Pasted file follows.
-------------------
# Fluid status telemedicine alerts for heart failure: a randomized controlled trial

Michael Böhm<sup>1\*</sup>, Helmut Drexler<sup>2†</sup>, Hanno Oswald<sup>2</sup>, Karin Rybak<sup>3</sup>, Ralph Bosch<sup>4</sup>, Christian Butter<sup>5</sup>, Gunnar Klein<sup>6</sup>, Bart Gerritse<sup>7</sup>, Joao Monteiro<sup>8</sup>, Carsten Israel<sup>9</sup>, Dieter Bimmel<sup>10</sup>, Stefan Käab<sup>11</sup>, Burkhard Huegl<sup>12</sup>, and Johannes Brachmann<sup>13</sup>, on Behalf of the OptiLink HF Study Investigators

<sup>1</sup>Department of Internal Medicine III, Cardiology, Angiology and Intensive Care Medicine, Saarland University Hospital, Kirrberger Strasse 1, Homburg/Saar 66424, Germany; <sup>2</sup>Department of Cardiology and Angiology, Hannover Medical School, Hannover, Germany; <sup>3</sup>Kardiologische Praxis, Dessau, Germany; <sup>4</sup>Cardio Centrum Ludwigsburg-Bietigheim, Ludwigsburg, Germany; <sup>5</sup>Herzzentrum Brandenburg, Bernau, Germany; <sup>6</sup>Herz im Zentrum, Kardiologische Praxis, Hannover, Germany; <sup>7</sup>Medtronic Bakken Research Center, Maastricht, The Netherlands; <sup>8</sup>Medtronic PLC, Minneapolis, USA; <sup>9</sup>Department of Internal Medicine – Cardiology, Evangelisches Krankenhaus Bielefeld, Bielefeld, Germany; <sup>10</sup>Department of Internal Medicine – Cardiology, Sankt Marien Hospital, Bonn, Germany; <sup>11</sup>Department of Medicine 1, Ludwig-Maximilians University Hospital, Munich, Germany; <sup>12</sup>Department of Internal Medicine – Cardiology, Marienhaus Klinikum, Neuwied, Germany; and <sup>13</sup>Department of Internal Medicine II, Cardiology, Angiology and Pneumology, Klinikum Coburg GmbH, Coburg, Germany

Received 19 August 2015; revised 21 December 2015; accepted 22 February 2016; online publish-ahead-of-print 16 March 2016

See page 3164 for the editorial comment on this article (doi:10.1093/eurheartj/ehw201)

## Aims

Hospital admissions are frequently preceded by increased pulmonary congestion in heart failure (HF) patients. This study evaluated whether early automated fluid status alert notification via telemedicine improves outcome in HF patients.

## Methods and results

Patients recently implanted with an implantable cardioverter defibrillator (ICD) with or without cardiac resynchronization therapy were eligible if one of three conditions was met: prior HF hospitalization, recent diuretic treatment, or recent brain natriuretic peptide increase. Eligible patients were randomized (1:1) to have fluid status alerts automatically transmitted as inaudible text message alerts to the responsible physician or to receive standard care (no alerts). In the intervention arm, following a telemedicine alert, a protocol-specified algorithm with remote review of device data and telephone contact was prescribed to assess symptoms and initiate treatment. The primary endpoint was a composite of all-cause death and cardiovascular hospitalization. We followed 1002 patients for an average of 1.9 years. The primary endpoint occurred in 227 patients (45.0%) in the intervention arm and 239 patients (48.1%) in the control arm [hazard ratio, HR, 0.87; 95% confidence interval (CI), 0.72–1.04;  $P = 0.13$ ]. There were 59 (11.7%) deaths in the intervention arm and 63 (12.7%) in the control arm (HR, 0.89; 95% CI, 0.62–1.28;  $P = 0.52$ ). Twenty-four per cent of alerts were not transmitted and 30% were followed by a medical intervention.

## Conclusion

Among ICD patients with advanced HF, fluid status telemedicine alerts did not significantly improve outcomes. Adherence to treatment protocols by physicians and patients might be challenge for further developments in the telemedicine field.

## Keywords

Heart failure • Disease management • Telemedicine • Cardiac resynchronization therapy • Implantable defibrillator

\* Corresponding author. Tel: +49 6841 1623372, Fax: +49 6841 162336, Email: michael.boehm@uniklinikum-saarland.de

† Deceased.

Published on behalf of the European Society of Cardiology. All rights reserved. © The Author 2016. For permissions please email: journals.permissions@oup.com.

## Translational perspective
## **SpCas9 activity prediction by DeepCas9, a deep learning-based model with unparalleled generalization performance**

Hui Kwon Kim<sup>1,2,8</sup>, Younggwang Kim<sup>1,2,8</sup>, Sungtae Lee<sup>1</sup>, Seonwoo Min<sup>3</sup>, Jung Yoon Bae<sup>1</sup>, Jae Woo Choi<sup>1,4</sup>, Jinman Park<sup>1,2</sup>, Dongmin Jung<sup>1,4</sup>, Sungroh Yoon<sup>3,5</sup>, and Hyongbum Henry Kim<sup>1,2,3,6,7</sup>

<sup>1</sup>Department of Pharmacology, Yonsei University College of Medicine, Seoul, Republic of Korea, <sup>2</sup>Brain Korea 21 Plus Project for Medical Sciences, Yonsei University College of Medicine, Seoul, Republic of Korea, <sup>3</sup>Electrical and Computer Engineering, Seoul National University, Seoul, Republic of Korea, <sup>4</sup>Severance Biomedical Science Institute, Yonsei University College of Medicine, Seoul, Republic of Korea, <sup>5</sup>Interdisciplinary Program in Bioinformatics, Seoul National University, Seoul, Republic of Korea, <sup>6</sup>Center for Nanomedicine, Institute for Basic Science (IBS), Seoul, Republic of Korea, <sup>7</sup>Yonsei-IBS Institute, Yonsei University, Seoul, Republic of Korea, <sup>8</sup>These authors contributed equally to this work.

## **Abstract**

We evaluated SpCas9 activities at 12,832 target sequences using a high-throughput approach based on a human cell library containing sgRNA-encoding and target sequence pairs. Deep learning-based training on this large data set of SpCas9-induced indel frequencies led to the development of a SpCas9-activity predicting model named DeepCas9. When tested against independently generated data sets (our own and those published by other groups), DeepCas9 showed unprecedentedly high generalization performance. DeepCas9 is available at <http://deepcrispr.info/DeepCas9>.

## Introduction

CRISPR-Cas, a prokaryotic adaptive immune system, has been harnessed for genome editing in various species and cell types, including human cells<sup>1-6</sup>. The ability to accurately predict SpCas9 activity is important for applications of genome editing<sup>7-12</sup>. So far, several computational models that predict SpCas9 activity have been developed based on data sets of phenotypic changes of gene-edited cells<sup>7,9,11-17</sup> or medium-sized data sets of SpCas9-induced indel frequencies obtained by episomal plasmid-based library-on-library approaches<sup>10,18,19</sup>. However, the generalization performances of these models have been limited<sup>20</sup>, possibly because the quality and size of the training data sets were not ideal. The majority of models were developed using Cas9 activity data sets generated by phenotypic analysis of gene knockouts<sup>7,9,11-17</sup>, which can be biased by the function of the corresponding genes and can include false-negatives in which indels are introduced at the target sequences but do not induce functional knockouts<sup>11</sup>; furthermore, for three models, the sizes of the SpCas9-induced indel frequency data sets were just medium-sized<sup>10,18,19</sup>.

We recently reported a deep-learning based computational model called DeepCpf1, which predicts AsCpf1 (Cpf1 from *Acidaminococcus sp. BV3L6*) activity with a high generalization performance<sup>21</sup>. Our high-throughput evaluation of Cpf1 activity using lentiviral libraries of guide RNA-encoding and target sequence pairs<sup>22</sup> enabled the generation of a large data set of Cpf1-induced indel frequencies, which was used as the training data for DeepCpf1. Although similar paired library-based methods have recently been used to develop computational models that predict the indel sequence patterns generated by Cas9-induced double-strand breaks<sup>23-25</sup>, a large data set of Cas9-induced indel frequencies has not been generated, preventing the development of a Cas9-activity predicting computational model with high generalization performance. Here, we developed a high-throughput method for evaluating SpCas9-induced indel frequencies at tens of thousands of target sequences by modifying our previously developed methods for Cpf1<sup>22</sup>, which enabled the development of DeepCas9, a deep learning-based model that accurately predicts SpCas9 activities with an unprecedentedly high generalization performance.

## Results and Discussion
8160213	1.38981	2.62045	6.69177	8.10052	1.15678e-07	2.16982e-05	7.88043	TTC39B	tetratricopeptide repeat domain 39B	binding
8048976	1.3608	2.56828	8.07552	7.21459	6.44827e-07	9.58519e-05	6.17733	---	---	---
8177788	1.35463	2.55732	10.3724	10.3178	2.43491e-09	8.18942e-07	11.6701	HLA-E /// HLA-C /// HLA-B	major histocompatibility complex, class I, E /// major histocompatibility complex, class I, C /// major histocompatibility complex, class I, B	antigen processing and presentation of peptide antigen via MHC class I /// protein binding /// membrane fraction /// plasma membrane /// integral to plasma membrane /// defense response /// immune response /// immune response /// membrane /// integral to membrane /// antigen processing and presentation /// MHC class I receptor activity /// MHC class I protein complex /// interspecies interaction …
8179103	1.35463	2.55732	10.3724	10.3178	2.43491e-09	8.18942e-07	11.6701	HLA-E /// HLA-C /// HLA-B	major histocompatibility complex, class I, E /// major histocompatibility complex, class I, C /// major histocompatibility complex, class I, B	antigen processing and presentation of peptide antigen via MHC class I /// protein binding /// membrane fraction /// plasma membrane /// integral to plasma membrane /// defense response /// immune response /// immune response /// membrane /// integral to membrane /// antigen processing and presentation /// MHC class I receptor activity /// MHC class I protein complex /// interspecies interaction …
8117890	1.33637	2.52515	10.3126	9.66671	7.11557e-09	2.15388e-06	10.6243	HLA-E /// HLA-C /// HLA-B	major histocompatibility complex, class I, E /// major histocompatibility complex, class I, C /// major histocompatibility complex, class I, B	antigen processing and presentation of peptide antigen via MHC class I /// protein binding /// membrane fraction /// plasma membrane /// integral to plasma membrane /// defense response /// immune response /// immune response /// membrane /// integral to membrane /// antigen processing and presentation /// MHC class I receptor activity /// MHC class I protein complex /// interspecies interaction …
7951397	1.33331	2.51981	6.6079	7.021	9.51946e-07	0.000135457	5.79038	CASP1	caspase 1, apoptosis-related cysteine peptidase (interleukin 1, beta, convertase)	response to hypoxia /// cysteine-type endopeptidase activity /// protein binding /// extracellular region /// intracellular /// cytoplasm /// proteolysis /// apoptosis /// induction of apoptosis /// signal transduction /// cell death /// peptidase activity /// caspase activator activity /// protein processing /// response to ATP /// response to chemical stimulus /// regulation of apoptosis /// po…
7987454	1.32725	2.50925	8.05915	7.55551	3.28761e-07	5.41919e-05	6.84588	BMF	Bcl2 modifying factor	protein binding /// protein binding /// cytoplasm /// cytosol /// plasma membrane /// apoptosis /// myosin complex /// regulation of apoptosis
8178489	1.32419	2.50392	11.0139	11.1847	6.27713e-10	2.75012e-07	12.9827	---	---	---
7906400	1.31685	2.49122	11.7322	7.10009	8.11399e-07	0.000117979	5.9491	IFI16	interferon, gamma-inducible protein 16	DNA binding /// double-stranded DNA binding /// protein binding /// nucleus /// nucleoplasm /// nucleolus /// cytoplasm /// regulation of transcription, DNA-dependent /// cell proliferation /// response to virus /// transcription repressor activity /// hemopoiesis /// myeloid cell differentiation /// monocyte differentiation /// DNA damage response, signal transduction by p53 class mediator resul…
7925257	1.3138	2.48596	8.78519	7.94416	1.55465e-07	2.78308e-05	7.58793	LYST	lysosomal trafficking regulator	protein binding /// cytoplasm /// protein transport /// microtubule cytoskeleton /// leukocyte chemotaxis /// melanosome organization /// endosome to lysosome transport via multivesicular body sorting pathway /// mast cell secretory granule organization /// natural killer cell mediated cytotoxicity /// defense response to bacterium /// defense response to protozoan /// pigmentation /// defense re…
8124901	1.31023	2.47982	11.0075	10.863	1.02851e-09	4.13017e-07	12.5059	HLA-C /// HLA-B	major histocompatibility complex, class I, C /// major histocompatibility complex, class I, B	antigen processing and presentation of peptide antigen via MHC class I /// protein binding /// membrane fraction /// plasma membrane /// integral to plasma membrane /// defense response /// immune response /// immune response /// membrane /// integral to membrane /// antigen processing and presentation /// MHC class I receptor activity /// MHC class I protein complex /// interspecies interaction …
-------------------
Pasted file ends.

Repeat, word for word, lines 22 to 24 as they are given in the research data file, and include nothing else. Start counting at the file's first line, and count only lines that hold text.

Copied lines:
We evaluated SpCas9 activities at 12,832 target sequences using a high-throughput approach based on a human cell library containing sgRNA-encoding and target sequence pairs. Deep learning-based training on this large data set of SpCas9-induced indel frequencies led to the development of a SpCas9-activity predicting model named DeepCas9. When tested against independently generated data sets (our own and those published by other groups), DeepCas9 showed unprecedentedly high generalization performance. DeepCas9 is available at <http://deepcrispr.info/DeepCas9>.

## Introduction

CRISPR-Cas, a prokaryotic adaptive immune system, has been harnessed for genome editing in various species and cell types, including human cells<sup>1-6</sup>. The ability to accurately predict SpCas9 activity is important for applications of genome editing<sup>7-12</sup>. So far, several computational models that predict SpCas9 activity have been developed based on data sets of phenotypic changes of gene-edited cells<sup>7,9,11-17</sup> or medium-sized data sets of SpCas9-induced indel frequencies obtained by episomal plasmid-based library-on-library approaches<sup>10,18,19</sup>. However, the generalization performances of these models have been limited<sup>20</sup>, possibly because the quality and size of the training data sets were not ideal. The majority of models were developed using Cas9 activity data sets generated by phenotypic analysis of gene knockouts<sup>7,9,11-17</sup>, which can be biased by the function of the corresponding genes and can include false-negatives in which indels are introduced at the target sequences but do not induce functional knockouts<sup>11</sup>; furthermore, for three models, the sizes of the SpCas9-induced indel frequency data sets were just medium-sized<sup>10,18,19</sup>.